SGT. SCOTT JOHNSON: We’re given several missions. We’re to support other units there and do what we need to do as a transportation unit.

We need to support other companies and other units there. So we’re given a series of several missions, and each mission in itself that’s accomplished, you know, that’s a success.

ELIZABETH BRACKETT: A family support group headed by Jim Cooper tried to make the 1544th’s missions safer by providing CB radios and armor for the soldiers’ vehicles.

JIM COOPER: When our trucks went over and we didn’t have enough steel, the American Legion, the VFW, and other support groups around here went right immediately together to raise money and buy our steel ourselves and ship over there. And the military put a stop to us, but we… the community was going to do it. They wanted these kids safe.

ELIZABETH BRACKETT: Cooper says the Army tells him the majority of the 1544th’s trucks are now armored.

JIM COOPER (on phone): Well, you never know, that’s true.

ELIZABETH BRACKETT: Cooper also spends hours on the phone as part of a telephone tree set up to quickly get the latest information out to worried relatives and friends. His 21-year-old son, Matt, is with the 1544th.

JIM COOPER: You don’t get any sleep. Every night you worry. You just… you’re on edge all the time.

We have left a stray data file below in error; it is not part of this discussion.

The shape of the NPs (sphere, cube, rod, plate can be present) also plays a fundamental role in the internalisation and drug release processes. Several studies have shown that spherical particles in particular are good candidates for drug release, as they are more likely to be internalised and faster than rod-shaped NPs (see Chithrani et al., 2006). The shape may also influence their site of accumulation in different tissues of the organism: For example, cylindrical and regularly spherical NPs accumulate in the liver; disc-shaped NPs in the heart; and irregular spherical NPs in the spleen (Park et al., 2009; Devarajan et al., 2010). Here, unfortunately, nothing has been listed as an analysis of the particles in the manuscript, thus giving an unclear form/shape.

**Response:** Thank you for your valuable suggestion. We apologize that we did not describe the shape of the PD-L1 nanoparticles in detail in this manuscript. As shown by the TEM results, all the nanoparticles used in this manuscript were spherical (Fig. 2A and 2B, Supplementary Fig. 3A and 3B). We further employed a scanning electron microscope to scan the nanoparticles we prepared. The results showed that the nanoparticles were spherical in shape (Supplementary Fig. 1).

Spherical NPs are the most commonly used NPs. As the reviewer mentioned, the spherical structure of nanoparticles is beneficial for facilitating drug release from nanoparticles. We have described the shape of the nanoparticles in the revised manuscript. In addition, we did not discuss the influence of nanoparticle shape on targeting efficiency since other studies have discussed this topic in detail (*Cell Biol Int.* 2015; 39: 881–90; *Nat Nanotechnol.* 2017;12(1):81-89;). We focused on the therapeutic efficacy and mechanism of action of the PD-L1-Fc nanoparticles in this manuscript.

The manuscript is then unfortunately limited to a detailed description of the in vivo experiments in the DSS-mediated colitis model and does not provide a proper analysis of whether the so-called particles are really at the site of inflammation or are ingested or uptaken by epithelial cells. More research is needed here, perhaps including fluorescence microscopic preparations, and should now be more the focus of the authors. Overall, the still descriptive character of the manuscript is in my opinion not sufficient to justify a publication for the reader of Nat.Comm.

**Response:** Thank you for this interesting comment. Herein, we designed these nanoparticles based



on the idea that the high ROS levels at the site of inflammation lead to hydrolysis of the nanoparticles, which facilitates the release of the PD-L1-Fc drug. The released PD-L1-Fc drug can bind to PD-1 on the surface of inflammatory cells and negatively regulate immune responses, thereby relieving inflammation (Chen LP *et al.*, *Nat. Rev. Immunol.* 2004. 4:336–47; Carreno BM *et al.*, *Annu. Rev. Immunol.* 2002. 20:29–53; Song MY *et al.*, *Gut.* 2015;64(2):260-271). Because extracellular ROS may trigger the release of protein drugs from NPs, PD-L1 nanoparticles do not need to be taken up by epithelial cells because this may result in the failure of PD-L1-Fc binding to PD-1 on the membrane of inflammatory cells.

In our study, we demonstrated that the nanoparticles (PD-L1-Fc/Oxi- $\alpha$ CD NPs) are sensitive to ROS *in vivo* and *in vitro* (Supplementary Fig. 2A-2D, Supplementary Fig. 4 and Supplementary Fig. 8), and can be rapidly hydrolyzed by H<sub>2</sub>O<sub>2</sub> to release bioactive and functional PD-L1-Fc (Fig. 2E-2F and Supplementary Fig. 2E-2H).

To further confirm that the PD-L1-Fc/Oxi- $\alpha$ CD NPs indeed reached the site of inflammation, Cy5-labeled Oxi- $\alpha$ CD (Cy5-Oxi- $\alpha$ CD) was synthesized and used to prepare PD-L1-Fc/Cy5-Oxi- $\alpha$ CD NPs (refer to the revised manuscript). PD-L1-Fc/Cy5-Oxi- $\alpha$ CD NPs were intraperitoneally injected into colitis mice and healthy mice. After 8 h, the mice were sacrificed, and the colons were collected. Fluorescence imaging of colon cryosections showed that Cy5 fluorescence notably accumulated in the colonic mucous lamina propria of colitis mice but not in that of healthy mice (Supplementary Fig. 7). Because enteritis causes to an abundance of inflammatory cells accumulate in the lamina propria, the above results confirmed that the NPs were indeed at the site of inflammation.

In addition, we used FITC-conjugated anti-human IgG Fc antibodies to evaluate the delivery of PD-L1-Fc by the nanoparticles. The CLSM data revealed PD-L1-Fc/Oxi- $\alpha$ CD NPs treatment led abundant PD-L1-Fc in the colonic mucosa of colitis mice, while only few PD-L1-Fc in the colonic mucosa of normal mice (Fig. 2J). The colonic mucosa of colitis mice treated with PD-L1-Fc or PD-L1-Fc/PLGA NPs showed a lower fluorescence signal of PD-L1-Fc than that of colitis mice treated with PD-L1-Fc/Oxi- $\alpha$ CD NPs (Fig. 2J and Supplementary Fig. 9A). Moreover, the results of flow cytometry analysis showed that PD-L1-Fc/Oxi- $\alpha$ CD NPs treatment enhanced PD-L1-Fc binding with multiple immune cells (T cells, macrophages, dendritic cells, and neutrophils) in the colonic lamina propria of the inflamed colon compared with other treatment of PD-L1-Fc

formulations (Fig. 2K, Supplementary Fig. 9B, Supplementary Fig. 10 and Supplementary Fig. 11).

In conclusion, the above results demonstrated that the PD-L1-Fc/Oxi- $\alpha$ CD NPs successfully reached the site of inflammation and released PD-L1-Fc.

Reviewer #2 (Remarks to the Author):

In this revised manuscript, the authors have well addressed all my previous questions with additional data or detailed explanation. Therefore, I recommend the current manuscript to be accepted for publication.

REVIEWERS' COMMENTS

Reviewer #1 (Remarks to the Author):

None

ELIZABETH BRACKETT: As difficult as the holiday season is here without the soldiers of the 1544th, the bigger worry is whether or not they will come home when their one year tour of duty in Iraq ends in February.

JIM COOPER: Yeah. End of February, 1st of March, a lot of men telling everybody. It’s either that or the government better get me a plane, because I’ll be over there. ( Laughs )

ELIZABETH BRACKETT: But the 1544th’s stateside commander, Lt. Col. Robert Mayberry, isn’t so sure of the return date.

LT. COL. ROBERT MAYBERRY: The Army works in strange ways. Nothing is solid until you see your soldier. I’ve told the family readiness group that it’s not over until your son or daughter is sitting in your living room talking to you. Then it’s over.

ELIZABETH BRACKETT: How often do the families ask you that question?

LT. COL. ROBERT MAYBERRY: Every chance they get. (Laughs) And I would, too.

ELIZABETH BRACKETT: So for now, the town of Paris, Illinois, watches its hometown unit operate in a distant war that hits very close to home.